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A new report developed by the International Labour Organization (ILO) analyzes achievements in terms of employment ...
A new report developed by the International Labour Organization (ILO) analyzes achievements in terms of employment formalization to guide future actions aimed at making the struggle against informality more efficient. Currently, around 53% of the working population in Latin America work under informal conditions.
During the past few years, Latin America and the Caribbean registered a process of employment formalization that improved the working conditions of 39 million workers. However, according to the ILO the informality rate is around 53%, which still is a very high rate.
The new report developed by ILO and presented in Lima, calls countries in the region to re-think formalization policies and implement them as part of sustainable programs, as well as to address the changes registered in the world of work in terms of production and employment, including new informality modes and achieving higher economic growth rates.
The document on “Formalization policies in Latin America and the Caribbean” has gathered evidence of policies and formalization strategies and their results, with the collaboration of 34 specialists. The report has 17 chapters that aim at identifying the results and limitations registered by the transition towards formality in Latin America and the Caribbean.
“In general terms, the impacts of growth and changes in the economic structure on formalization are larger than the impacts from institutional interventions”, said ILO Director for Latin America and the Caribbean, José Manuel Salazar-Xirinachs, who was co-editor of this report.
In addition, he explained “the best results come from experiences that combine fast economic growth and transformation with institutional interventions and integrated policies”.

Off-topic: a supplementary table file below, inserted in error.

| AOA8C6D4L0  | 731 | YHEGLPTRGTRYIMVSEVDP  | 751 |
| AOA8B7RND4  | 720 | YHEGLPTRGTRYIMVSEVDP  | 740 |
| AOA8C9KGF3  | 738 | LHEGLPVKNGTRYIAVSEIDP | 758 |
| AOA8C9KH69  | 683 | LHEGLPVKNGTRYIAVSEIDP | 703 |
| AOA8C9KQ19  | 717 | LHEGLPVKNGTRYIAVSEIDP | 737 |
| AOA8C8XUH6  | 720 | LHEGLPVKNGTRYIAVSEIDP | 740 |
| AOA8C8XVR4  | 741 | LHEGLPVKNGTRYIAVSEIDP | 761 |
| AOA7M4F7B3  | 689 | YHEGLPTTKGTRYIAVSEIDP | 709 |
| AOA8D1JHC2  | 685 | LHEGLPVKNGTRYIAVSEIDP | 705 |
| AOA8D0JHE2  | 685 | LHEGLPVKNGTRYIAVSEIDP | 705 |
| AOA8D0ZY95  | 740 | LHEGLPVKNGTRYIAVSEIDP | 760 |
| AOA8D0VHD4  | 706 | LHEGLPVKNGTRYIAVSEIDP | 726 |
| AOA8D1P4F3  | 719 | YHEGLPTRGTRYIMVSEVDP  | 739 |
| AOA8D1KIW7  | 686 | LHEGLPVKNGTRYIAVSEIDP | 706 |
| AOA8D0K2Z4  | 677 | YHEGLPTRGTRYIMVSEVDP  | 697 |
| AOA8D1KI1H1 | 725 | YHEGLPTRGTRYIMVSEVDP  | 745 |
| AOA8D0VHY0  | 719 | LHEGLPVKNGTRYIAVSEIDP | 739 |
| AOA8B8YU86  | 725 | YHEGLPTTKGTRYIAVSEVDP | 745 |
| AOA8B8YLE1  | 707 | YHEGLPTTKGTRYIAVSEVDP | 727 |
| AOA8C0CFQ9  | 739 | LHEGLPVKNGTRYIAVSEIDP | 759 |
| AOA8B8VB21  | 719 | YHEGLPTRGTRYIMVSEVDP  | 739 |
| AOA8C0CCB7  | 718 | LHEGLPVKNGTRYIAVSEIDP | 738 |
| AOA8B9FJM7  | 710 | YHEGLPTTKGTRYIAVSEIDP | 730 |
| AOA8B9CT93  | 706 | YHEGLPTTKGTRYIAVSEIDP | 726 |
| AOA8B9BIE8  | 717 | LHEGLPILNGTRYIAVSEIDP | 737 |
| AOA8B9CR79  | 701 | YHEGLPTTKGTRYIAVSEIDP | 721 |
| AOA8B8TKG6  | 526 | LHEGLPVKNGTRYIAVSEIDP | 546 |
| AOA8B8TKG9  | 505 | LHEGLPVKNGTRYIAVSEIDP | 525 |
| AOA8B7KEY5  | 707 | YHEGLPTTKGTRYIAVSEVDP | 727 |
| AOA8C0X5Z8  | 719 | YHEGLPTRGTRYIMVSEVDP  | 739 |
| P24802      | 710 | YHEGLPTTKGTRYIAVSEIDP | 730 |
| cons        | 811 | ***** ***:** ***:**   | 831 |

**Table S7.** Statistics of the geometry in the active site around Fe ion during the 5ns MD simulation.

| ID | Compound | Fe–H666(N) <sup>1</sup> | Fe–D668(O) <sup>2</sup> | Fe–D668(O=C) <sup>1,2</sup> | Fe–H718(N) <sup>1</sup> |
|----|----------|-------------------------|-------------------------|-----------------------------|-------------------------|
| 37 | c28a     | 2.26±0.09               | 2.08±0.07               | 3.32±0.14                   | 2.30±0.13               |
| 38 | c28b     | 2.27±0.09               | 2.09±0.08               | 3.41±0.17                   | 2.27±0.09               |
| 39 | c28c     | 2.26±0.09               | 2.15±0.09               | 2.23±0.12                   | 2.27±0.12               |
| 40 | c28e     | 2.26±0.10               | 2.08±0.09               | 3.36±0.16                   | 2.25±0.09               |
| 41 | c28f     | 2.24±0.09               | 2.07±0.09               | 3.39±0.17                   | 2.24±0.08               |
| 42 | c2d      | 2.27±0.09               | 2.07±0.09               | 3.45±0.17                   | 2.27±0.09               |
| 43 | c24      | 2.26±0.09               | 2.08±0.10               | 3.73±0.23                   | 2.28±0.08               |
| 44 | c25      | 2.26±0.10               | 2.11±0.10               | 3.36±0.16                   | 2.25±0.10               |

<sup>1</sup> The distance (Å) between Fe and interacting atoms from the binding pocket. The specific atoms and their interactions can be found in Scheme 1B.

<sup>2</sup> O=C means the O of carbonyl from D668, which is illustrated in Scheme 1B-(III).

The informality rate in Latin America and the Caribbean is 53%, which means that nearly 140 million workers are under informal conditions.
“These workers are not protected by labour legislation nor by social security. Many of them are exposed to insecure working conditions, they nearly have no training opportunities, they have irregular and low incomes, and have more extensive working days” said Salazar.
The survey points out that the recent formalization experience, which took place from 2005 and 2015, happened in a context of regional economic growth, which, in certain cases, was combined with multiple policy interventions. The last few years, economic growth has slowdown, so formalization demands more focused and integrated strategies.
“The most encouraging results took place in places where multiples initiatives were implemented, which were combined and developed for years, even for over a decade”, said the ILO’s employment specialist, Juan Chacaltana, another of the editors of the report.
Chacaltana claimed that, when dealing with informality, policy makers face a “complex, heterogeneous and multidimensional phenomenon”.
ILO’s new publication on formalization states that the first challenge for countries in the region is to have integrated programs that are developed through time, instead of doing isolated efforts that turn out to be small and short termed.
Secondly, it considers that it is key to go beyond the labour market and aim at a stronger growth, suggesting that productive development policies are a mechanism to go for higher, sustained, inclusive growth, which can also be more effective in the creation of formal jobs.
In the third place, the report urges to find mechanisms to address new forms of production and employment, which includes working against the new forms of informality that can be found in labour markets.